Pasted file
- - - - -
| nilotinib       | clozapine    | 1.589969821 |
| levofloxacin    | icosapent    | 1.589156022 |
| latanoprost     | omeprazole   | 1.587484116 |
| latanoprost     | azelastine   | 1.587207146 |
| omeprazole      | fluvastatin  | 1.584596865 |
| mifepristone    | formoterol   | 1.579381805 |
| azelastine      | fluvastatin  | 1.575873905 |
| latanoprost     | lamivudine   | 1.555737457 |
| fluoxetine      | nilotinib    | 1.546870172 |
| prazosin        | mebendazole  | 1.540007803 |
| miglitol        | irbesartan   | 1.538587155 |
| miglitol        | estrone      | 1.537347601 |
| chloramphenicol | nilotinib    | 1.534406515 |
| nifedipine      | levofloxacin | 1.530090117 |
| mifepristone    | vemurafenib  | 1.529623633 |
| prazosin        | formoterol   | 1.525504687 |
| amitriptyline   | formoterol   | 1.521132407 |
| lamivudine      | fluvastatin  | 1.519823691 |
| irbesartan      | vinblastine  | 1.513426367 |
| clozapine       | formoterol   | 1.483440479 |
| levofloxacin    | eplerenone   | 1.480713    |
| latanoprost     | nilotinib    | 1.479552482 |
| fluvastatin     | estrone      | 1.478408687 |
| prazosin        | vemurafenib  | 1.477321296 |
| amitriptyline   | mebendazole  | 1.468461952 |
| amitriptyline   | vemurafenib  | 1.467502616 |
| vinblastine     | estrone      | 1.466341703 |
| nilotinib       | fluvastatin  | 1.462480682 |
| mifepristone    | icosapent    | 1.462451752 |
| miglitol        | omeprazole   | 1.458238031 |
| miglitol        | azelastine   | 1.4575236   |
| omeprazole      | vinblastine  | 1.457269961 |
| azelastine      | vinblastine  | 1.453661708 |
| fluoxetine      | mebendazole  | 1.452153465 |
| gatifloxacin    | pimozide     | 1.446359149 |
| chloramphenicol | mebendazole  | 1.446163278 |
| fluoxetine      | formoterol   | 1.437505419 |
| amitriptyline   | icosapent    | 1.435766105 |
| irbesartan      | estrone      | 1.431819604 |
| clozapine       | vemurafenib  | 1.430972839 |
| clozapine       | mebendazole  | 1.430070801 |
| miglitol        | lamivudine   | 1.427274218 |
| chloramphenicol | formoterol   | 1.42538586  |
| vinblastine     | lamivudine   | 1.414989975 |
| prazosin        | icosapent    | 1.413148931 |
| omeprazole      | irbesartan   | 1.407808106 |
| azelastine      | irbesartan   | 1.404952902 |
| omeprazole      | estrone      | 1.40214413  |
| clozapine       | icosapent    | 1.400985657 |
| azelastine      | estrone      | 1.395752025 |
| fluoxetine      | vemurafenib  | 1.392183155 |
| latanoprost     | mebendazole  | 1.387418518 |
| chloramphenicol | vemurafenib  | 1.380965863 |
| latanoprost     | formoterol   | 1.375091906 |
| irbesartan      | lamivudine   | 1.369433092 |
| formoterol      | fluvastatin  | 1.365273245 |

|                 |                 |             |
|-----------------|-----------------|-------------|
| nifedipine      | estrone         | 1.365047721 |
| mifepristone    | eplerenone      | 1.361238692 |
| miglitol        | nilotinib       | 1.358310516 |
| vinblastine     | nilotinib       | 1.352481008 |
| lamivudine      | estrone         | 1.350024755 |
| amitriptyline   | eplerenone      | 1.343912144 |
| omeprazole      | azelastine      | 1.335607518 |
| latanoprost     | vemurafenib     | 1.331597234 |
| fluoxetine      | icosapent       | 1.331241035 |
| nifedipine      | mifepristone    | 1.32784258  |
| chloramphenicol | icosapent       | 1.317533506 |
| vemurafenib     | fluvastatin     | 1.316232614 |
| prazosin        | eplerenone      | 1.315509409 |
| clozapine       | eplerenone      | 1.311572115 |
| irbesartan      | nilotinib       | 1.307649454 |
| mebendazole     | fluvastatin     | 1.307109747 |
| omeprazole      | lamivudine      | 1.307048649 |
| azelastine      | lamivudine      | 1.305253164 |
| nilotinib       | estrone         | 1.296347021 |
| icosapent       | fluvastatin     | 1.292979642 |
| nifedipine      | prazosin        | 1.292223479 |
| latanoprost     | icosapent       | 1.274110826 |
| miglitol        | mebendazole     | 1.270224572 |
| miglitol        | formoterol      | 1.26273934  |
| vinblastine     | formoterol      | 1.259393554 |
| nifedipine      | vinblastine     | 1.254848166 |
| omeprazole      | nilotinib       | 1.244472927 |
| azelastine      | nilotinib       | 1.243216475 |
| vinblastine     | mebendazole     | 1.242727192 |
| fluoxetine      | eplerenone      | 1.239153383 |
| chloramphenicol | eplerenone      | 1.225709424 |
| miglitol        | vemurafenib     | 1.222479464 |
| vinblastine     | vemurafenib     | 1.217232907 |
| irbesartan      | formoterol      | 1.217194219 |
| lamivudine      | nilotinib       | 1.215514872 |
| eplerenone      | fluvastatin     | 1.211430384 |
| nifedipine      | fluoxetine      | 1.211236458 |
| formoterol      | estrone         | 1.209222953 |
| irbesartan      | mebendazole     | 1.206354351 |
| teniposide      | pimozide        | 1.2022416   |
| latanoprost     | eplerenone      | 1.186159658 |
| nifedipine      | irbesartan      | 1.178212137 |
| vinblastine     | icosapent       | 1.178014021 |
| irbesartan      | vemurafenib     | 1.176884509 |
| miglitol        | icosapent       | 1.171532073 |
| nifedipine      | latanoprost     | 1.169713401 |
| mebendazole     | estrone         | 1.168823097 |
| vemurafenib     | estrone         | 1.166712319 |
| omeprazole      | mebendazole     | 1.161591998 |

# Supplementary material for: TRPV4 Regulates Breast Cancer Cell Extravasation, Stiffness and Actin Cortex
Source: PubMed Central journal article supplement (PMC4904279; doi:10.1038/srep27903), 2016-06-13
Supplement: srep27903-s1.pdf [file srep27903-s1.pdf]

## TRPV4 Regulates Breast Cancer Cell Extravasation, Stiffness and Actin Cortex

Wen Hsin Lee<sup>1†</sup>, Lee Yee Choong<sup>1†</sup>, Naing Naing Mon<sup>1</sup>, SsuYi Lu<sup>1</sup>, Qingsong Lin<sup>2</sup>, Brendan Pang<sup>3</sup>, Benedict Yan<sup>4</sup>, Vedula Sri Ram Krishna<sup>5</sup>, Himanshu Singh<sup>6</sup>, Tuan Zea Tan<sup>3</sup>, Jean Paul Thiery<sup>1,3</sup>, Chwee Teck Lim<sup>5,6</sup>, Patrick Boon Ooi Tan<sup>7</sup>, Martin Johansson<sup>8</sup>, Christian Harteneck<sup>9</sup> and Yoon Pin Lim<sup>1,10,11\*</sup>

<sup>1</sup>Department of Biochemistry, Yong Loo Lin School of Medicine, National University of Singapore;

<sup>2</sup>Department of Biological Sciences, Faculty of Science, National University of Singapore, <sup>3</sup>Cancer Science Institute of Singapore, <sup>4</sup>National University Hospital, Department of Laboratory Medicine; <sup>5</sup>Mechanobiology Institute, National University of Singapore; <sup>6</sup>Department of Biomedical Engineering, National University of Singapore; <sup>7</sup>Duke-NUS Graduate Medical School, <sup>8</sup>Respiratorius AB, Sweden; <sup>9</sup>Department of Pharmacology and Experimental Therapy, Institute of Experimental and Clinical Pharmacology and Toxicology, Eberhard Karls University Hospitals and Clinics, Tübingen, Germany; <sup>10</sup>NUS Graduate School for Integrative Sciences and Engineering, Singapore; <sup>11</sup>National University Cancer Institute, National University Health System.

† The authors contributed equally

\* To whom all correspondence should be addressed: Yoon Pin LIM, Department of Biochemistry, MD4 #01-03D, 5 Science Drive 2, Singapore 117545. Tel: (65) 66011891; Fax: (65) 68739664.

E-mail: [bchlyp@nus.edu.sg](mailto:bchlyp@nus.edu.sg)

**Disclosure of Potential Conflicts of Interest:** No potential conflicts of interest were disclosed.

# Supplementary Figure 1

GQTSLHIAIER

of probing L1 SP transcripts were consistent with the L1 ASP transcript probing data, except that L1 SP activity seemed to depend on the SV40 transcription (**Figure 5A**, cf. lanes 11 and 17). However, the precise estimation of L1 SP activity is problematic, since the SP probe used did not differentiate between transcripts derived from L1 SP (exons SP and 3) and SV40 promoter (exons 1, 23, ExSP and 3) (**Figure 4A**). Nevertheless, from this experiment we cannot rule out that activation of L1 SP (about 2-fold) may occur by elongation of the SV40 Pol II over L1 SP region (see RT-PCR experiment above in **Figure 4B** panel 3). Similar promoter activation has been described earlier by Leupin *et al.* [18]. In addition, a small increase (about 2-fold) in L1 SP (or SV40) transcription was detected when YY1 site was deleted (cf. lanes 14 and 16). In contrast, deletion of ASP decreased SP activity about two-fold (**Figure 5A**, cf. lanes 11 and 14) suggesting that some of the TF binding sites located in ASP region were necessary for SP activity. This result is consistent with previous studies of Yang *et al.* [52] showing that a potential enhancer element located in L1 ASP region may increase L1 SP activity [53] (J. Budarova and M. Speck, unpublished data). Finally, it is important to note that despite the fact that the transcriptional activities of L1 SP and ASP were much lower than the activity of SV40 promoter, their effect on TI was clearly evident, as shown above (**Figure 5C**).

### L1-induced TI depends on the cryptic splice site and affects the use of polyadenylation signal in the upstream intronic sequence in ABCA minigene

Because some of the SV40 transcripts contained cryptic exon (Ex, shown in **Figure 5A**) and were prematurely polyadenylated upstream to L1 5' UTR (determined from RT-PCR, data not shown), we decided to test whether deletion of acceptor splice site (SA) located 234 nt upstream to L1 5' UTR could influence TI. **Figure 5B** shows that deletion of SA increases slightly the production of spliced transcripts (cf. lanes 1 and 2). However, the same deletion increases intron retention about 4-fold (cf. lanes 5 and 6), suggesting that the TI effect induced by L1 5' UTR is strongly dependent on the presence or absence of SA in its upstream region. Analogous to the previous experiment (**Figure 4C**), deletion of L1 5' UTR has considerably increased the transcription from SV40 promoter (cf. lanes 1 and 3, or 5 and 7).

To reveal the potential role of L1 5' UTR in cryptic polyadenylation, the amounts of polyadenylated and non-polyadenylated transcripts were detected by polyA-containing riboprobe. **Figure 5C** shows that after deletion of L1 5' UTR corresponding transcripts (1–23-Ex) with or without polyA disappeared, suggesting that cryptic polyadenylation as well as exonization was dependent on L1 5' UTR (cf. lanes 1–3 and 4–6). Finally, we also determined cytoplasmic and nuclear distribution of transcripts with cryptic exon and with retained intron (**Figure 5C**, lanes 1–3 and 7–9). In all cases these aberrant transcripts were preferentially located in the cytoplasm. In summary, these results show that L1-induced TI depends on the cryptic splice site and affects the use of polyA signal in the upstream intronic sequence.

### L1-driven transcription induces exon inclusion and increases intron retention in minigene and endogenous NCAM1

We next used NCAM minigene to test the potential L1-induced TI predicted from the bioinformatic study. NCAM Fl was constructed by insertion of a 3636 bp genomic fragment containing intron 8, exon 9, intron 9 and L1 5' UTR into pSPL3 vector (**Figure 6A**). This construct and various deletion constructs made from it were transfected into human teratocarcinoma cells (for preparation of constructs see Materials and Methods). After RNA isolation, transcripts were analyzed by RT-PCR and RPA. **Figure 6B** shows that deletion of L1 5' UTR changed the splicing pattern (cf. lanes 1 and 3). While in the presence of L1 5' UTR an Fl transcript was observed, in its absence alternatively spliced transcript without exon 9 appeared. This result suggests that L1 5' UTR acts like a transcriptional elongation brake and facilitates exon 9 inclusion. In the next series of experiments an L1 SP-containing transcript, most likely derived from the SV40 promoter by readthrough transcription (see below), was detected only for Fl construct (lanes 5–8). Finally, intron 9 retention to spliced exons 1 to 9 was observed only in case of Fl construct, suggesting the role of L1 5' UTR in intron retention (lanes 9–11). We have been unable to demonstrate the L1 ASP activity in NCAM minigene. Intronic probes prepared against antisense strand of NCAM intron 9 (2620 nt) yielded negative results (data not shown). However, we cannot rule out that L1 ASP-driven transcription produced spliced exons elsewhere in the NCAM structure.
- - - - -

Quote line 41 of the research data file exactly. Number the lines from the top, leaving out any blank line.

| clozapine       | mebendazole  | 1.430070801 |